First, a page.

Tweets, Texts and Facebook Cost Young People True Friendships, Says Author
"And when he opened the eighth seal, I saw a beast rising out of the sea, with 10 horns and seven heads, with 10 diadems upon its horns, and it was texting its friends and updating its Facebook page when it could have been having a REAL conversation."
-- The Book of Revelations (slightly updated)
Are these the end times?
Well, author Jeanne Martinet isn't exactly saying that. Yet she sees dark and forboding portents in the layers of distance we put between ourselves with all of our cell phones, computers and other gizmos and gadgets.
She particularly worries about kids growing up with all this stuff.
Her new book, "Life is Friends: A Complete Guide to the Lost Art of Connecting in Person," discusses the importance of face-to-face communication in a world where friendship and human interaction are reduced to tweets, text messages and Facebook posts.
"The longer we live with sound-bite social lives, the more we're going to sacrifice any sense of intimacy," she tells ParentDish.
Martinet finds that prospect horrifying. She loves talking to people. Her previous book, "The Art of Mingling," provided a comprehensive guide for chatting people up and cemented her reputation as Miss Mingle.
That's the nickname she takes on a blog she uses to dispense advice and observations on mingling. Not that she likes all this cyber-nonsense.
"I will do it, but I don't do it happily," she says.
Although "Life is Friends" is not geared toward kids, its message is relevant to young people. Researchers for the Nielsen Company learned that American teenagers send an average of 10 text messages per hour.
And a study by researchers at the Sleep Disorders Center at JFK Medical Center in Edison, N.J., found that many kids have trouble sleeping because they spend too much time on their cell phones.
At least grownups can remember a world before Twitter and text messages, Martinet tells ParentDish. Kids growing up now take for granted technology that separates them from other human beings.
She doesn't exactly know what to do about it either. "It's an almost impossible task," she says. "It's like a crack habit, like having a tube in their mouths."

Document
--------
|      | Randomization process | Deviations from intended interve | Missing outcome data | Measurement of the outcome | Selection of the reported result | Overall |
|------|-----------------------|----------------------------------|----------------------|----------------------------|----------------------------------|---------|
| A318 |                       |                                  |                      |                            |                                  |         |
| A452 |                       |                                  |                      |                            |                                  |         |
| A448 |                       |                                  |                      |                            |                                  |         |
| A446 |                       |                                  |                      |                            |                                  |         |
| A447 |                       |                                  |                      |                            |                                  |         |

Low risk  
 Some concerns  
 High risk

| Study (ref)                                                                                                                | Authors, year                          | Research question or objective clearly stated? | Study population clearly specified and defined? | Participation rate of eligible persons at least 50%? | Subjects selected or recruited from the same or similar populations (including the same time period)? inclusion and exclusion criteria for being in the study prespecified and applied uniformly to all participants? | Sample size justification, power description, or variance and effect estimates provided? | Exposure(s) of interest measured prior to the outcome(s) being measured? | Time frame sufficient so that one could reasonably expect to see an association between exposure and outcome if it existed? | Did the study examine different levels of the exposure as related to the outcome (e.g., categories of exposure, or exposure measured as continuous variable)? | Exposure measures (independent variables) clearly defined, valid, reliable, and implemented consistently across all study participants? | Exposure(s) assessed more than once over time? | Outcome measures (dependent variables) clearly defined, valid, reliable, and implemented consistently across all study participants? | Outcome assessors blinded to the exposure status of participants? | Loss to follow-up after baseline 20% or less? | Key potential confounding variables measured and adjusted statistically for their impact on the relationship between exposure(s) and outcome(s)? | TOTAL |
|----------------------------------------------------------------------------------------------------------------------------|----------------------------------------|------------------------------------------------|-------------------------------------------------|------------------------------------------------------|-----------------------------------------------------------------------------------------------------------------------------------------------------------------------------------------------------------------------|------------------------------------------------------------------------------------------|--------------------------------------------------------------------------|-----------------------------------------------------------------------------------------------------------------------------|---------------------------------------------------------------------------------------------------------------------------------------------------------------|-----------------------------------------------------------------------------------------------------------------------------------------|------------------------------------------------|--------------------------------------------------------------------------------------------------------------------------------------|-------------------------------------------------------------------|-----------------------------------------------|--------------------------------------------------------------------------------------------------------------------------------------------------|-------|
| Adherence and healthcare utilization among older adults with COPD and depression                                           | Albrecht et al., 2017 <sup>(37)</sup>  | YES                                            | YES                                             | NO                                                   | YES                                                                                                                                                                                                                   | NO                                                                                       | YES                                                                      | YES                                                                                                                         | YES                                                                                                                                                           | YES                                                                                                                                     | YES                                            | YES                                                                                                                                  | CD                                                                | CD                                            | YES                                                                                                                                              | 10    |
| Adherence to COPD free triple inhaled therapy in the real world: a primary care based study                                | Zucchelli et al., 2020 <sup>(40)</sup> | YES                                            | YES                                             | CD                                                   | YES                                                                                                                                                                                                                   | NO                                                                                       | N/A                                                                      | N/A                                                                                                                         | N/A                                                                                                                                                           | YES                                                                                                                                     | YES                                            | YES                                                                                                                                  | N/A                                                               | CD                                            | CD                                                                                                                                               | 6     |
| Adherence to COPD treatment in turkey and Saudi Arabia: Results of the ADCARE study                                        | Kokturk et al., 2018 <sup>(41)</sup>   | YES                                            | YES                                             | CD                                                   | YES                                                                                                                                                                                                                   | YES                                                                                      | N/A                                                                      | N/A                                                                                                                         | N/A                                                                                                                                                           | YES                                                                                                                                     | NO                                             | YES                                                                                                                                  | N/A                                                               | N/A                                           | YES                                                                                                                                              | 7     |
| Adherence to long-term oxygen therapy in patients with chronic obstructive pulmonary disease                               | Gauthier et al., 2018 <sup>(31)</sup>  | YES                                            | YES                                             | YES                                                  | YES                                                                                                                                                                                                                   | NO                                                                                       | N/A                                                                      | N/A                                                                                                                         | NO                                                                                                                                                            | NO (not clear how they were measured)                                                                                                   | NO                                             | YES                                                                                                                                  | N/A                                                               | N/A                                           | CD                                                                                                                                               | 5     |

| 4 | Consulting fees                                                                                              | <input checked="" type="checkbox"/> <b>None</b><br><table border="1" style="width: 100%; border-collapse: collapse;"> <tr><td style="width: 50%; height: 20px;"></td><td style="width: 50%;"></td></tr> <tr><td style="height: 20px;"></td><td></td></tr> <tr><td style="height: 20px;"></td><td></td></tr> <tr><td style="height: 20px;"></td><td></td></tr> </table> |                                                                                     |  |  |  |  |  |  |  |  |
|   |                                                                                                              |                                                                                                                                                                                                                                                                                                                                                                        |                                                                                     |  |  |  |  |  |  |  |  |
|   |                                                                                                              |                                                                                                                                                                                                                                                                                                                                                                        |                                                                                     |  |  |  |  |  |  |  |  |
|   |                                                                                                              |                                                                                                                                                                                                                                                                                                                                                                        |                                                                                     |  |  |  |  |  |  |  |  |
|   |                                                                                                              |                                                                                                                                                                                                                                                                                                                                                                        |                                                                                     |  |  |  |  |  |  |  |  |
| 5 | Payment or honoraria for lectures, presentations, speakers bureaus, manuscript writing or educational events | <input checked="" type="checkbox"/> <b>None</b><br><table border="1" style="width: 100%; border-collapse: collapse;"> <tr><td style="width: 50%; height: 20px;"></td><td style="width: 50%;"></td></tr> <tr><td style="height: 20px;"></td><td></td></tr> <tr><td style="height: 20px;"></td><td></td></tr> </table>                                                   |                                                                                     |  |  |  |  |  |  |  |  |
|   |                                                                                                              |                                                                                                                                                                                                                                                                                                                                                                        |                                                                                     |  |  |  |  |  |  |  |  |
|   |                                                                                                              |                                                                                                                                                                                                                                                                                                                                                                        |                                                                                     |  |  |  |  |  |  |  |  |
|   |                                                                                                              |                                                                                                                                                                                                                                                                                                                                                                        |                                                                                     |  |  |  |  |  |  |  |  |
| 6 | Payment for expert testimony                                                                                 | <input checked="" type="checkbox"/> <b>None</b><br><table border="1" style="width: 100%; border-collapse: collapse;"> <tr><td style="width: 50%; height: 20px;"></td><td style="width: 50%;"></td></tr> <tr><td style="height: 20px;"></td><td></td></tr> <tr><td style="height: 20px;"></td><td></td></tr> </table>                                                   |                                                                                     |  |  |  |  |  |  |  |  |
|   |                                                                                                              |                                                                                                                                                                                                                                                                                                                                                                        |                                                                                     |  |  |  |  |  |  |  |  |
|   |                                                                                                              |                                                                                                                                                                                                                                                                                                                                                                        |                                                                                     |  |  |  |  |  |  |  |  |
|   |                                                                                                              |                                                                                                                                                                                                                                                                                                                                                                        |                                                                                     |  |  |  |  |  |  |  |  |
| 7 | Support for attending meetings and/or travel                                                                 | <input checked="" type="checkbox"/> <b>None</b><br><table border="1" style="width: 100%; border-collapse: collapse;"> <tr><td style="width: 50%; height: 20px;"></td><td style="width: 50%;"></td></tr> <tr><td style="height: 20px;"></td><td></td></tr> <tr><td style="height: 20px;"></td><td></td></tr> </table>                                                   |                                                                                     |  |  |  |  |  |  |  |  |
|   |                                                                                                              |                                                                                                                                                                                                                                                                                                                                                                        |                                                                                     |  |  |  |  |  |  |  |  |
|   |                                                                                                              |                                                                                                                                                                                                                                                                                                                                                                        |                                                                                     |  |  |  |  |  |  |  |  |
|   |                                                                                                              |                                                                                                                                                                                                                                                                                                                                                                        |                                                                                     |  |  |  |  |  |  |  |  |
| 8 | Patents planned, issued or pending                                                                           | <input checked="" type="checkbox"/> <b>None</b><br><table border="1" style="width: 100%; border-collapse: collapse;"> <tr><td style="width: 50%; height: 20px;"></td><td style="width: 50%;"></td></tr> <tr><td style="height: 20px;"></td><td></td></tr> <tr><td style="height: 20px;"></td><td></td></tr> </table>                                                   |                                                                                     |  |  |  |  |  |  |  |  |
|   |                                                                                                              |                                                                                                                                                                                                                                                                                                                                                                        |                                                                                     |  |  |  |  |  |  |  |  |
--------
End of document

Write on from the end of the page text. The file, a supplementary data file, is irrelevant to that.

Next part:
Martinet notes that activities that use to bring people together -- simple things like bowling and attending church groups -- are declining. "Those are the things that people traditionally use to come together as a community," she says.
All this technology enables us to stay in contact with a lot more people, she adds, but the price is a lot less intimacy.
"It's going to have a negative effect on our life as a society in general," Martinet says.
Although at a loss for a cure, Martinet nonetheless says there are some things parents can do to disconnect kids from the electronic world and plug them back into reality.
One is banning cell phones and other electronic devices at the dinner table.
Another possibility is getting kids involved in groups where they actually have to look other people in the eye.
Parents can help out by inviting other kids to the house, she says. Perhaps parents could host a party where they teach kids to play poker, she adds. Poker has that grownup mystique that just might lure kids in.
Something needs to be done, says Martinet. As a society, we are losing the art of interacting with other people. "All of our social structures are breaking down," she says.
"A lot of kids don't even know how to wink unless it's on Facebook," she says. "They don't literally, physically know how to wink. It's incredible."
For her own part, Martinet has been dragged (with a little kicking and screaming en route) into the 21st century. She has her blog as well as a website and Facebook page. A presence in cyberspace is essential for a writer, she says.
Nonetheless, she has boundaries. Her Facebook page is only for promoting herself as a writer. There are no personal details. "My intimate self is not available online," she says.
Instead, Martinet is forever attending parties, mixing and mingling. She says she has hundreds of friends she could call and who would recognize her instantly by her "hello."
The born extrovert is anything but the reclusive author. "My writing was born out of being an extrovert," she says. "I'm a terrible person to be living the life of a writer."
She maintains this incredibly active social life by staying off the computer and getting out in the world. She wishes more people -- especially young people -- would do the same.
""Real intimacy cannot be achieved via iPhone," she says.
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